17. When one considers World War I, they may think of the stalemate on the western front in the trenches, or the unyielding bloodbath on the eastern front as Russia staved off an in-vasion in the middle of a revolution. One might find themselves quick to forget the collapse of the last old-world empire, the Ottoman Empire. The collapse of the six hundred year old empire would result in the subsequent destabilization of western Asia. The campaign to establish a foot-hold in the Dardanelles came in multiple phases, after allied forces at-tempted to take the Gallipoli peninsula. From February through March of 1915, Allied navies had attempted and failed to suppress the German and Ottoman positions. The British would blame inferior ships, forces of nature, and an extremely mobile Ottoman army. This would not be the last time the Allies would work to take Gallipoli. On 25 April 1915, combined forces from Britain's colonial assets appeared off the coast of what they would call Anzac Cove in the Aegean Sea. Supported by British naval artillery, soldiers from New Zealand, Australia, India, and Ireland took to the beaches in a push to cut the Ottoman army off from the Germans. Early in the morning, six companies from the 9th, 10th and 11th Australian Battalions, with six more companies following in pursuit, including soldiers from the 12th Battalion. Turkish forces had spotted the boats early, opening fire on them as they approached. However, the landing force pressed on despite the loss of six ships. Before noon, three New Zealand Brigades had landed at Anzac Cove under heavy fire. 3rd Brigade had lost most of it’s forces by that afternoon, and the 1st Brigade had also sustained heavy losses. In spite of this, the combined expeditionary forces continued to sweep inland at a steady pace. The approaching Australian forces were only halted by Mustafa Kemal and his 19th Division. Kemal, who would later become the first president of Turkey, rallied Turkish forces, by declaring “I do not order you to attack, I order you to die.” By the end of the first day, both the Ottomans and the Allies had suffered major losses at Anzac Cove. Further south at Cape Helles, the 1st Battalion of Ireland were provided cover by the guns of the Royal Navy as the main force swept inland. General Ian Hamilton, who was overseeing the Gallipoli landings, ordered that remaining forces left at V Beach move to support W Beach, ending the landings at V Beach in what was considered a failure. W Beach was heavily mined, and lined with barbed wire and trip wires. It was flanked by two machine gun positions, making landing even more perilous. Supporting fire from the Royal Navy were lifted before the 1st British Battalion landed. These fires failed to suppress the Ottomans, and they did not even sever the trip wires hidden under the water. As a result, many soldiers drowned after sinking with their equipment. By May, both sides had lost massive amounts of forces either attacking or counterattacking each other. Few, if any gains were made by either side outside of a few hundred yards at the expense of almost 10,000 soldiers. Fighting and death in no-mans-land became so severe, that a temporary truce was agreed to, so that the dead could be collected. The unhospitable conditions of the summer months on the Gallipoli peninsula added to the strain on both the invading Allied forces and the occupying German and Ottoman forces. The number of dead had increased even more, and decay led to unsanitary and vile conditions. The fall and winter months took their tolls, as the weather continued to be inhospitable for both forces, leaving little to no reprieve from the war on the front lines. Ultimately after 9 months of fighting on the peninsula, 200,000 were either dead or wounded. No gains were made by the Allied forces, making the invasion at Gallipoli a failure. However, the aftermath of Gallipoli and the actions of Ottoman soldiers who shared victory with German forces led to a disharmony among the Central Powers ranks. The German General in charge Otto Von Sanders sought to leave his post, though this request was ultimately refused. Gallipoli serves as an embodiment of some of the true horrors of war. Relentless fighting, poor conditions, morale issues, corruption, and disorganization factoring into a battle where there are no spoils. The men who fought in Gallipoli gave all for their empires. In the case of the British, that sacrifice would be for naught. For the Ottoman’s it would only be a temporary security, for the collapse of their empire was still guaranteed.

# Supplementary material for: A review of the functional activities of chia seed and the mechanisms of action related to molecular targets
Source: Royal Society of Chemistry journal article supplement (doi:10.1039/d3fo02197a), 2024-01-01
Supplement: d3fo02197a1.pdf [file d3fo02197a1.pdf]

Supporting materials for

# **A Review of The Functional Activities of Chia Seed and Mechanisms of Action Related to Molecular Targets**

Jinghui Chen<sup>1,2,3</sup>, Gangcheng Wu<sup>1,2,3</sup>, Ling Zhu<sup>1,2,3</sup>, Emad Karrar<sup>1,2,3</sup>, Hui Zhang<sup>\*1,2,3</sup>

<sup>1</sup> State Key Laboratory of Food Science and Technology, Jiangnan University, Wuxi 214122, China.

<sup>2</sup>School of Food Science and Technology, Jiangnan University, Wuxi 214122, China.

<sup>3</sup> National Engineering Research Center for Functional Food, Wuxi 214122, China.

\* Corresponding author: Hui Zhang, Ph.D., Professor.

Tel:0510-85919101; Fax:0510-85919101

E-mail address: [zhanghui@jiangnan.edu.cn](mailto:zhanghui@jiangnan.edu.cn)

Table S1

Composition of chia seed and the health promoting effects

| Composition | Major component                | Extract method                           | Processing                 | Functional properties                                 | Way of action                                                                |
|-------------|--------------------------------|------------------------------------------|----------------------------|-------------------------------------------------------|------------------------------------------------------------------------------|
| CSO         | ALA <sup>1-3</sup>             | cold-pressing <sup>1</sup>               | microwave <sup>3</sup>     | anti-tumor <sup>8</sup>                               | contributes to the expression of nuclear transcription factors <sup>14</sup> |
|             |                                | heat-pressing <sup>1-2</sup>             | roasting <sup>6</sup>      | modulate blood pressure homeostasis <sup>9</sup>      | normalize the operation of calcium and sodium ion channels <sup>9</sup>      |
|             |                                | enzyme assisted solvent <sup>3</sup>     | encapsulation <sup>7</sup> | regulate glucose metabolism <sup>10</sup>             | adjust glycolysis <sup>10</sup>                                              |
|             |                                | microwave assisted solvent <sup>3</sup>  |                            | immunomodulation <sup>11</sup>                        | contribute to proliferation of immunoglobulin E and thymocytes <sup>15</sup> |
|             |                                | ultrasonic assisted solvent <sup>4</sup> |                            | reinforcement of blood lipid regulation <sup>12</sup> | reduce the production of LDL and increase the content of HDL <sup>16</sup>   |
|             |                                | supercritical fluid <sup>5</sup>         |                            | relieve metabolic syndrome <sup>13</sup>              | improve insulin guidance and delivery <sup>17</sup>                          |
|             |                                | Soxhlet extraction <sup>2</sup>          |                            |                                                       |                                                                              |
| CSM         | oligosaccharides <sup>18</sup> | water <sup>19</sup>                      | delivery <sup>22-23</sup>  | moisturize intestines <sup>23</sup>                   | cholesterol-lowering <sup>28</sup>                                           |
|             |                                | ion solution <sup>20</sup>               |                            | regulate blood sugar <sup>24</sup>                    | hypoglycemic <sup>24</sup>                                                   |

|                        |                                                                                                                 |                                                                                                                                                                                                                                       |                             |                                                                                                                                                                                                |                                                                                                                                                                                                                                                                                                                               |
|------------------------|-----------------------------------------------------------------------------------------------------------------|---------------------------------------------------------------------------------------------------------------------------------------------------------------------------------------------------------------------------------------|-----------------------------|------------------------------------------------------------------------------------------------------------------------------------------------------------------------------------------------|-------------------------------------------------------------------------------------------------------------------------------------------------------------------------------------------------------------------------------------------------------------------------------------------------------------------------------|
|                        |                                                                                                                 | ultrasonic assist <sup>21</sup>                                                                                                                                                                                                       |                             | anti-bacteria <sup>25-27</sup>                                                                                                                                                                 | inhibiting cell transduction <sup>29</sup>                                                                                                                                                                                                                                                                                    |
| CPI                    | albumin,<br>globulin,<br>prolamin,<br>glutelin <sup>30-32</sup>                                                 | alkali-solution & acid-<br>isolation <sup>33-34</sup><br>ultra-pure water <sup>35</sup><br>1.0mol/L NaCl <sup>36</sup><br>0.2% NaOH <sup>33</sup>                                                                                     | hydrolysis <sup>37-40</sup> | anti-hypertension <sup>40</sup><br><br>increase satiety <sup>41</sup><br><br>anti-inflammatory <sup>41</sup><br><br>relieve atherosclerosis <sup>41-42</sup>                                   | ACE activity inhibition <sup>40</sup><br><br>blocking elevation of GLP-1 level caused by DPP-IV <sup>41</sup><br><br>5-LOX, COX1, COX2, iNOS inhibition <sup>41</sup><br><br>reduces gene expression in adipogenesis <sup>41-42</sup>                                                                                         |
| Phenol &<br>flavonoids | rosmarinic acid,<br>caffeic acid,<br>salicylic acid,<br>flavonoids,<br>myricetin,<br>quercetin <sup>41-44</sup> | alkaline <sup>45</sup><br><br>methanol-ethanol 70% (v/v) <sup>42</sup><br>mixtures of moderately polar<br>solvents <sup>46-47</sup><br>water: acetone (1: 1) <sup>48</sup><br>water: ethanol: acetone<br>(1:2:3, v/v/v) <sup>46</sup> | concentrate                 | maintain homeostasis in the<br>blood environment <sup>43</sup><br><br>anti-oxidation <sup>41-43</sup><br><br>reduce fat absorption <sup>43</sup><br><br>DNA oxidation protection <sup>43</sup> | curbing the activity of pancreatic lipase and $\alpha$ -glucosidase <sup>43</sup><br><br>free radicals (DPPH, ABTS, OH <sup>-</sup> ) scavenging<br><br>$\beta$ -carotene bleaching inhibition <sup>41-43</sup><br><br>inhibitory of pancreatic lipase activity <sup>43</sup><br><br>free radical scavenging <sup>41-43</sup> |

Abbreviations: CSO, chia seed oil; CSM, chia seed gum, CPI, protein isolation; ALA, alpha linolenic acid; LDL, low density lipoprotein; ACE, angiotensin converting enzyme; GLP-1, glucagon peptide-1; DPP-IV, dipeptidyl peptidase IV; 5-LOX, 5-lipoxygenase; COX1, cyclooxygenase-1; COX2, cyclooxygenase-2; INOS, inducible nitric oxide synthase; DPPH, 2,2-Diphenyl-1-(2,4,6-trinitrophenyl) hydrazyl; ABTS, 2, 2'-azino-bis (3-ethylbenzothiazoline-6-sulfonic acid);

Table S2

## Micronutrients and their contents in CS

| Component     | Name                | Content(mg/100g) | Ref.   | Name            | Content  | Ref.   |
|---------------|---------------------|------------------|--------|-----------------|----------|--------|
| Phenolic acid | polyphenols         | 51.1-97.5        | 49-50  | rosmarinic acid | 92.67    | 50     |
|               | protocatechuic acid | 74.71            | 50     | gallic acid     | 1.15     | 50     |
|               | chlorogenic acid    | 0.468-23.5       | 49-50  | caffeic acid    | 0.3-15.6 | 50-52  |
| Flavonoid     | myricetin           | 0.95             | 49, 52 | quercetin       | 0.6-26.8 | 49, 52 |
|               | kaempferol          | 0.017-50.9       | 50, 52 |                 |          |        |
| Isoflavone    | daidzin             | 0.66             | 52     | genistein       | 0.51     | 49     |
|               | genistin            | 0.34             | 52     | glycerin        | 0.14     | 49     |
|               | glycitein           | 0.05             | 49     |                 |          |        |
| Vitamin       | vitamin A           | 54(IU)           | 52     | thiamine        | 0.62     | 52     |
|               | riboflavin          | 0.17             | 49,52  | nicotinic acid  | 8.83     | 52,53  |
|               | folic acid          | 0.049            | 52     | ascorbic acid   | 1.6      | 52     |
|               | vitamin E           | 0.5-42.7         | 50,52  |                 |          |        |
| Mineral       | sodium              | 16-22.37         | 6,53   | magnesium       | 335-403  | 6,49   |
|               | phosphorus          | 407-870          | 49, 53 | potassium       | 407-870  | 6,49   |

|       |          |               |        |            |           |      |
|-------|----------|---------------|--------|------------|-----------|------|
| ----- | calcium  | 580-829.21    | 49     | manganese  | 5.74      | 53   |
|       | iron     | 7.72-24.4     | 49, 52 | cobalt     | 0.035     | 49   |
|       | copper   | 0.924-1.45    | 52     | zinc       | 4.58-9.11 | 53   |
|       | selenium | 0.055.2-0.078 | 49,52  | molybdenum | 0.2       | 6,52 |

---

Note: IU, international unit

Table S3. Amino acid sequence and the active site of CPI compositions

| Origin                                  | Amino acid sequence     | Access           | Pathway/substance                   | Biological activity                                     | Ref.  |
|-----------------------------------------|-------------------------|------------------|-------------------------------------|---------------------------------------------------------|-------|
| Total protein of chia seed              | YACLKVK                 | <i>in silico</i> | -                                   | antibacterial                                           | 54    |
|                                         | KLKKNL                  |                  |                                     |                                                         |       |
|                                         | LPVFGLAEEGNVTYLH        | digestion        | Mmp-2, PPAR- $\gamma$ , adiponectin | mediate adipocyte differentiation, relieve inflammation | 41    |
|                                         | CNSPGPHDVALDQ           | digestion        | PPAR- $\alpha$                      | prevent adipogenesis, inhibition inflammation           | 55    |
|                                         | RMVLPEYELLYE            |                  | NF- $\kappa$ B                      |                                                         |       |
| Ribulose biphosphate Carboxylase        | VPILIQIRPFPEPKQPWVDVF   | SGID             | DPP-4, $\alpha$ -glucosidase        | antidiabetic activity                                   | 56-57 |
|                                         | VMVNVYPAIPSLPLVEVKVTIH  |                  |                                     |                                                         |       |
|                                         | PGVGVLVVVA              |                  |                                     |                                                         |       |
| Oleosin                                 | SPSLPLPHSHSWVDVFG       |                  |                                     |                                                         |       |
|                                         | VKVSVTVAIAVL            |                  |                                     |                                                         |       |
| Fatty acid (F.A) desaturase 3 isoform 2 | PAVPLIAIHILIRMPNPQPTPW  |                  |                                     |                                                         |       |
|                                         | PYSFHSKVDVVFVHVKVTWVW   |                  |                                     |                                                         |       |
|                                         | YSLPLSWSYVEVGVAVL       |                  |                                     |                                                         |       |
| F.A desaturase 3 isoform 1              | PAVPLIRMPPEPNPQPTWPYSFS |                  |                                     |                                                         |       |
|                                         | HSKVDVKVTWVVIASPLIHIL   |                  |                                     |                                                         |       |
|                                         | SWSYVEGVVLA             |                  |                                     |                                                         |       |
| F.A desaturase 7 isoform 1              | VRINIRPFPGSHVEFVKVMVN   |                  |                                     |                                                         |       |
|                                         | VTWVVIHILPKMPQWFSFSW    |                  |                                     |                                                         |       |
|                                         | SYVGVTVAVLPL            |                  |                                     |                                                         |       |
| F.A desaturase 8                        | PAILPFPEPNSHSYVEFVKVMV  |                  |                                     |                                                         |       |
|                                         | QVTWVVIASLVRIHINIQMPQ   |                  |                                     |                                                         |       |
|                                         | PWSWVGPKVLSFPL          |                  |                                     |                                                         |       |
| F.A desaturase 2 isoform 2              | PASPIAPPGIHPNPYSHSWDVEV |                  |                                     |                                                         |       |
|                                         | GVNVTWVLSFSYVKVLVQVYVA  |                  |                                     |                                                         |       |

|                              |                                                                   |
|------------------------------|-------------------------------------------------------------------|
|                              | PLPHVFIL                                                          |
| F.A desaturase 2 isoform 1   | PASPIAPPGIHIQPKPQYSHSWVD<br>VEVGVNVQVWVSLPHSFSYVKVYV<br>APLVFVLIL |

18. Introduction At the request of @brycec - this topic was brought up in my queue. Over the course of the Cold War, world powers found themselves constantly at odds with each other. Nuclear testing was rampant. Atomic research was unchecked. Safety procedures were limited. The name of the game was espionage, spying, and various other forms of information gathering. After all, this was the definition of the Cold War: a war in which we spent countless time, money, manpower, and resources to one up the other. While certainly not the only definition, this defines one of several key components of the Cold War. The Space Race added another dimension to this, but despite the fact that satellites in theory could be launched, the most reliable form of intel gathering was using aircraft. The United States, CIA, Air Force, and DARPA, flew countless missions over the Soviet Bloc. Unfortunately, one of them didn't go quite as planned. DISCLAIMER The contents of this post do not reflect any official commentary from the United States government. Documents referenced include security identifiers. All documents are now either marked as (U) Unclassified or (P) Public, for public use and release. The Plane The aircraft in question in the incident was a U-2C Spy Plane, aptly named the Dragon Lady, tail number 56-6693. The U-2 is a large aircraft with an absolutely incredible and distinguished wing profile. Capable of flying at extreme altitudes of over 75,000 feet and over 6,000 miles in distance, many aspects of the aircraft remain classified. The aircraft was designed based on a glider design. In many cases, the aircraft required precision handling, as the wings were prone to snapping off. In addition, at cruising altitude, the aircrafts stall speed and maximum speed were anywhere from 1 to 6 miles per hour apart. This meant that the pilot had very little room for error when he was at altitude. On landing, the resistance generated by the wings would sometimes cause the plane to hover at the end of the runway. A single wheel was on the underbelly of the plane, meaning the plane had to teeter and balance itself on its belly on landing. On takeoff, the wheels on the wings broke away, as any modifications to the wings could cause them to snap off. The Incident On 1 May 1960, Captain Francis Gary Powers was in his routine flight pattern above Soviet airspace in his U-2C, tail number 56-6693. This U-2 was under ownership of the CIA. His route was to take him through the Eastern Soviet Union, overflying numerous Inter Continental Ballistic Missile (ICBM) sites, Surface-to-air Missile (SAM) sites, and enrichment sites for atomic weapons. These were routine flyovers that were designed to observe the movement of war materiel, and examine Soviet capabilities. The same practices were used to determine action later during the Cuban Missile Crisis. But on 1 May 1960, no such event had transpired. It was business as usual. The U-2's were designed to fly higher than SAM sites could reach, leaving them generally undisturbed. However, the Soviets had other thoughts in mind with new and improved anti-air defense technology. Soviet officers were ordered into the skies in MiG-19 aircraft, and given the command to ram the aircraft if necessary. However, due to the operating altitude of the aircraft, this proved to be impossible. All things seemed to be going according to plan aboard Powers' craft, until he entered the region covered by new SA-2 SAM sites. One of the three SAM sites successfully launched a volley that connected with Powers' plane, forcing him to eject and trash the plane. In the process, however, the Soviets intercepted at least one of their own MiG-19's in the volley. The MiG-19 was destroyed, and the pilot was killed. Powers landed in Soviet territory and was immediately captured. Despite this, the Soviets continued to believe the aircraft was still airborne for over a half hour after the plane had hit the ground. Powers would eventually be released back to the United States. He served 19 months of jail time in the Soviet Union before he was traded by Americans in exchange for a Soviet spy. The incident highlighted the need for higher flying and faster aircraft, eventually leading to the demand for the program that would birth the SR-71 Blackbird. The U-2 continues to fly various missions in different capacities for the USAF and NASA today.